COVID-19 & Environmental History.
Making sense of COVID-19 from the perspective of environmental history
A compilation of historical essays to be published in the Journal for the History of Environment and Society
Pandemics are ‘wicked problems’. Both their origins, their management and their consequences, there is not one single explanation for COVID-19, and neither is their a single ‘solution’ offering a way out of the present crisis. Over the past months of confusion, uncertainties and mourning, many of you have reflected upon the historical significance of COVID-19 and upon the way a historical perspective can improve our understanding of the present pandemic.
Many of these reflections, published as blogs, opinions and essays in newspapers, magazines or dedicated internet fora, are dealing with the interaction between society and nature. The peer-reviewed open-access Journal for the History of Environment and Society aims to consolidate these valuable historical insights by turning them into a special issue. Viruses, bacteria and parasites, they all remind us that humans are part of nature, and that human bodies are also made out of the ‘stuff of nature’. Infectious diseases spread out of their ‘natural’ habitat, because ecosystems have been disturbed. Viruses travel with humans in a hyper-connected world. Our dealing with infectious diseases, is closely related to the way we are dealing with natural hazards and risks. It’s not difficult to imagine lockdowns and quarantines as examples of biopolitics - the governance of society through nature. COVID-19 also forces us to question the fundamental interaction of economic growth and the environment. The way out of the corona-crisis can be imagined as a return to normalcy, an incentive for ‘green growth’ – in which technology will help to restore the balance with nature – or as a catalyst for a systemic transition in which the idea of growth is abandoned – as advocates of the degrowth movement would argue. In the meanwhile the weaknesses of our food and energy regimes are exposed, as global transport is contracting, and the warnings for a major food crises are getting urgent. COVID-19 also exposes environmental inequalities, both in the organisation of living space (making quarantine much more pleasant for some and horror for others), in the access to health and food, in the capability also of protecting our families and communities as good as it gets against the disease….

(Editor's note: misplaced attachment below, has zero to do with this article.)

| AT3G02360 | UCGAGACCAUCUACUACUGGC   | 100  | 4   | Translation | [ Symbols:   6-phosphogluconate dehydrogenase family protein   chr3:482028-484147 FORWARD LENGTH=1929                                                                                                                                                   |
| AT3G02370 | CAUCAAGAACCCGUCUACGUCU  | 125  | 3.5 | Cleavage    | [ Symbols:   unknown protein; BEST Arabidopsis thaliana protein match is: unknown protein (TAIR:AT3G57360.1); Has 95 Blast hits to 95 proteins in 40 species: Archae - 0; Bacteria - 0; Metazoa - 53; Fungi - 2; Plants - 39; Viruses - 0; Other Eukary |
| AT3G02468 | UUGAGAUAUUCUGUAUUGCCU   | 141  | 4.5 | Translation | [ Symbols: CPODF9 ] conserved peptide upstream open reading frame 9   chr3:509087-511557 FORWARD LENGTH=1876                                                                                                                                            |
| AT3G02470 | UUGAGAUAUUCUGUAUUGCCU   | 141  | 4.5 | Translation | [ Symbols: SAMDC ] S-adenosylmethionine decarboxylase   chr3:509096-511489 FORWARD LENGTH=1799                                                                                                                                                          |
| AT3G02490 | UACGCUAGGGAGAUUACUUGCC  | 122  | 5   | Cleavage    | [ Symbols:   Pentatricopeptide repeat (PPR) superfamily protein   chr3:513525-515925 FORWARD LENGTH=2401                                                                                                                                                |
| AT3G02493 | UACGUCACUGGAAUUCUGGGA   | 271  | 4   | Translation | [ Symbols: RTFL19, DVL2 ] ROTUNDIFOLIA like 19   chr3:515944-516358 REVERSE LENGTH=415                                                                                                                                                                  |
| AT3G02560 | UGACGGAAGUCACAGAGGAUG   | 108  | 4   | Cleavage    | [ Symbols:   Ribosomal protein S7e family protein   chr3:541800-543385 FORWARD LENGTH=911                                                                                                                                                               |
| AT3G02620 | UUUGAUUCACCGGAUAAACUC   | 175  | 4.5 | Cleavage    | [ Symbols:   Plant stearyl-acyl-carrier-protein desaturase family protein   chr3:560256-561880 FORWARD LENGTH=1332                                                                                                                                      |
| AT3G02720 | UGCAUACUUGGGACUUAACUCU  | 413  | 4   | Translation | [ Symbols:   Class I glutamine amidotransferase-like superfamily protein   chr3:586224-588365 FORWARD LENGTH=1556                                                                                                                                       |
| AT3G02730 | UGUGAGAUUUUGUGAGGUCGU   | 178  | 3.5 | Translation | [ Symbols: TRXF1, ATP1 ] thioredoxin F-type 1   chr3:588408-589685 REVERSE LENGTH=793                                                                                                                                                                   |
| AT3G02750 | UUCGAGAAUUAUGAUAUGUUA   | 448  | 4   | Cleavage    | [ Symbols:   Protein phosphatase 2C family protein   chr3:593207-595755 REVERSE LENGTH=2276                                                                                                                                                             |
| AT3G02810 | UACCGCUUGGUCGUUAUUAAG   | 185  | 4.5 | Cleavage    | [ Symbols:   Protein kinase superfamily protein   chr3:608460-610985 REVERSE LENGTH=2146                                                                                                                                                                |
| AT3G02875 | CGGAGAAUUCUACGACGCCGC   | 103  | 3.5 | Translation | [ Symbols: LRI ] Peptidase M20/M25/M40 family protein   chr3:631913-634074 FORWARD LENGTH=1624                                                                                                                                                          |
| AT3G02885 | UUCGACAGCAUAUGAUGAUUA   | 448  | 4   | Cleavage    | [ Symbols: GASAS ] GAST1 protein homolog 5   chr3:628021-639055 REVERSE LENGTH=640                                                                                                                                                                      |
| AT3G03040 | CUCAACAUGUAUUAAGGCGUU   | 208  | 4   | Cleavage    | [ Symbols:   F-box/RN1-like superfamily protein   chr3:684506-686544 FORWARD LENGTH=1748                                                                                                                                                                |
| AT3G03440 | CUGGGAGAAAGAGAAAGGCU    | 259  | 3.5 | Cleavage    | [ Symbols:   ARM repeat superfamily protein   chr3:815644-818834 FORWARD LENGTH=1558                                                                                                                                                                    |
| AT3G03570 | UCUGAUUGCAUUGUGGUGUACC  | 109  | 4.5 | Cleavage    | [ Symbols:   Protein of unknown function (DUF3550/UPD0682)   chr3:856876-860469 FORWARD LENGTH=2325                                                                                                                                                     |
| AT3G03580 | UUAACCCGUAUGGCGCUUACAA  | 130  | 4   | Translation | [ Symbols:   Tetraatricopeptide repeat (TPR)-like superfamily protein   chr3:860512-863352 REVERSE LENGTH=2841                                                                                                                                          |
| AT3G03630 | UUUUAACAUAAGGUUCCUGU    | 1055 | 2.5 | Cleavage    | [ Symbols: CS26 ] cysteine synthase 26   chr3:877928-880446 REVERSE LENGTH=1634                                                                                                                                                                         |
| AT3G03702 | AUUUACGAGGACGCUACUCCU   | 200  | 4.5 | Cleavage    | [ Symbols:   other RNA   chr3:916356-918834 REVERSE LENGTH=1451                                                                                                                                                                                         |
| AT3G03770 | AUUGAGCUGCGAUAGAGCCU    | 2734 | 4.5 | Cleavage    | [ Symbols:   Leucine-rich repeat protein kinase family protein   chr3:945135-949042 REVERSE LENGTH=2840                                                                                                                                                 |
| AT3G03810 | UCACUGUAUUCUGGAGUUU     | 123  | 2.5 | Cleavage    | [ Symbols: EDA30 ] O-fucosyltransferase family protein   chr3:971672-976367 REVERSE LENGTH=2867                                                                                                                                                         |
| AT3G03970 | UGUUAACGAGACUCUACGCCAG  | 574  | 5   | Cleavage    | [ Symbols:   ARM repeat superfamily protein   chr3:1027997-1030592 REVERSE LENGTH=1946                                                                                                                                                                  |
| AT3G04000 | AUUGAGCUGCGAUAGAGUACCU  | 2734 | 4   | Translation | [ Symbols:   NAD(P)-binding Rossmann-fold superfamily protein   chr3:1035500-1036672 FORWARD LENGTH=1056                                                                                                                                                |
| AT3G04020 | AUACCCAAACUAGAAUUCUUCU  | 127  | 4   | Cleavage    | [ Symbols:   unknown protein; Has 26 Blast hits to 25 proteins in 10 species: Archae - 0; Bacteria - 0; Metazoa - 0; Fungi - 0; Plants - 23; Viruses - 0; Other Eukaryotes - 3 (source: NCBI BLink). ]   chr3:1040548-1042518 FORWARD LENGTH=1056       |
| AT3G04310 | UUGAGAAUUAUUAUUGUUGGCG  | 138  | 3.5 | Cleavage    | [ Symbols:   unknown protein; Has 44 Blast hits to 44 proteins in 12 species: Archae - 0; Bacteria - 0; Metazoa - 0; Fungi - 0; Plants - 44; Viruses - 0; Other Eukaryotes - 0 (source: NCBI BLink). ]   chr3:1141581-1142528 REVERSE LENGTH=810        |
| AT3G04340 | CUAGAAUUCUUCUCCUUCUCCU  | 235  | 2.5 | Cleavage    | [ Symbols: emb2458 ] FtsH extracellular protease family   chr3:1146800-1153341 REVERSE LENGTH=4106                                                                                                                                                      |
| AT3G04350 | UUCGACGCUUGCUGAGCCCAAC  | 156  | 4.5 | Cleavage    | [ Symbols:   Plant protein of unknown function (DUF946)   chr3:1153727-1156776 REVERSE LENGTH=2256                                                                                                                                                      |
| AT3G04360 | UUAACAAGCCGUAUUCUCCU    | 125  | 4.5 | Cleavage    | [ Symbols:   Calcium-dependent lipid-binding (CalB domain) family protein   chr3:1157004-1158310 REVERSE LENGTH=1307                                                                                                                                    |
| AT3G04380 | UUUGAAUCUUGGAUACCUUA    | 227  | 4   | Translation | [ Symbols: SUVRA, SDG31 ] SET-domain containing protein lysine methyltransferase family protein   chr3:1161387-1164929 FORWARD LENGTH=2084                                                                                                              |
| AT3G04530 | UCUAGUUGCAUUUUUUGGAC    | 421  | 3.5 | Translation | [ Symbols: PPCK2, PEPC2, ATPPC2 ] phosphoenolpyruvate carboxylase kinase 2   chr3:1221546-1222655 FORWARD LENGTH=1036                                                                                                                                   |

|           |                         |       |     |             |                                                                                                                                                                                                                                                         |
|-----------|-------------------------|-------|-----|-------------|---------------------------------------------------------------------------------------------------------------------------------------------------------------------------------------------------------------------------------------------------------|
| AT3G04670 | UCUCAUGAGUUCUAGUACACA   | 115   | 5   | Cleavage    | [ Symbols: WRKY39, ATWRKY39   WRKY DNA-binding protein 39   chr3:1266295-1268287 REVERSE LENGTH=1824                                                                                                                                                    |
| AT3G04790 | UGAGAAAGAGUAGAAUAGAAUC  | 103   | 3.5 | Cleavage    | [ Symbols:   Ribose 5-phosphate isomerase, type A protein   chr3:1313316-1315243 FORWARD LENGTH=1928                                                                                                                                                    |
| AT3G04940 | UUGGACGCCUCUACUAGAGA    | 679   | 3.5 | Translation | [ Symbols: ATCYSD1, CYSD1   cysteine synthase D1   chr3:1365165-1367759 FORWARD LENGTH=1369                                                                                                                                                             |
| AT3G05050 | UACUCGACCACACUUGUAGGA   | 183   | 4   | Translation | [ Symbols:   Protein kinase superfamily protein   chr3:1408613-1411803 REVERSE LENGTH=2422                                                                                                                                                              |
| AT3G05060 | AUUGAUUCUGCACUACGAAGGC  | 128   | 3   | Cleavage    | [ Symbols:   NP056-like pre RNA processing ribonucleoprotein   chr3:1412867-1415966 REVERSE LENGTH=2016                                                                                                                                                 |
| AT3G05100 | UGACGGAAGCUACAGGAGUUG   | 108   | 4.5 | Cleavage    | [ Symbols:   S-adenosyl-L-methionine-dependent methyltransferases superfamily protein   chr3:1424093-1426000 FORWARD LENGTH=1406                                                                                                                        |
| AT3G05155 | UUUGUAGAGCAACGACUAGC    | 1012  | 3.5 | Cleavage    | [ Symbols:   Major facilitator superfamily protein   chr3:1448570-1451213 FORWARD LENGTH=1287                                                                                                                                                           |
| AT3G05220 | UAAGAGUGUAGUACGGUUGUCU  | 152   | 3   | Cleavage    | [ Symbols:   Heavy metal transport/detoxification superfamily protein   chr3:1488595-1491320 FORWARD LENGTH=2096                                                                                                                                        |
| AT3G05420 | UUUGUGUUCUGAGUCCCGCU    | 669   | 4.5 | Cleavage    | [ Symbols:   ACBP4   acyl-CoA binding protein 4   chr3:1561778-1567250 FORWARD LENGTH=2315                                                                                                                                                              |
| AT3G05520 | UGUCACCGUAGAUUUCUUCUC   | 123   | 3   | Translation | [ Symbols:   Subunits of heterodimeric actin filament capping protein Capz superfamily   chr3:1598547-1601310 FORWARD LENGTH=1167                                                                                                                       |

All these issues are part of the main questions environmental history is seeking to answer. A long-term historical perspective is needed to make sense out of the present ‘crisis’. History does not offer lessons, but historians need to tell how societies in the past have dealt with pandemics, and how some societies were better able to cope with them, than others.
The special issue of JHES aims to publish at short notice a broad collection of historical essays reflecting upon COVID-19 from the perspective of environmental history. Did you write an essay or an opinion are a reflection upon COVID-19, and are you willing to consolidate the argument into a 2000-4000 word essay, including a list of relevant literature?
Topics and questions which can be dealt with include (non-limitative):
- What do pandemics tell us about the relationship between Society and Nature in History?
- How can environmental history contribute to current debates on COVID-19, its origins, and impact?
- Is the current ‘COVID-19’ crisis the result of our changed interaction with nature? And conversely were previous pandemics also the result of frictions in the relationship between society and nature?
- What does the study of pandemics in the past learn us about the evolving relationship between society and nature today as well as in the past? How did pandemics in the past change human interaction with nature?
- Are some societies better prepared than others to cope with pandemics? Did a more sustainable relationship with nature also result in a better protection against pandemics?
- How does COVID-19 change our understanding of environmental history?
A collections of historical essays (2000-4000 words, each essay followed by a short reading list / bibliography). These essays may start from existing blogs/opinions etc. and aim to consolidate the current production of interesting and challenging essays and opinions for the field of environmental history.
Essays to be submitted in June 2020 at the latest, peer review (internal by the editorial board) in July, publication in September/Oktober 2020.
More information and submissions
Tim Soens (firstname.lastname@example.org)
Journal Website: http://www.brepols.net/Pages/BrowseBySeries.aspx?TreeSeries=JHES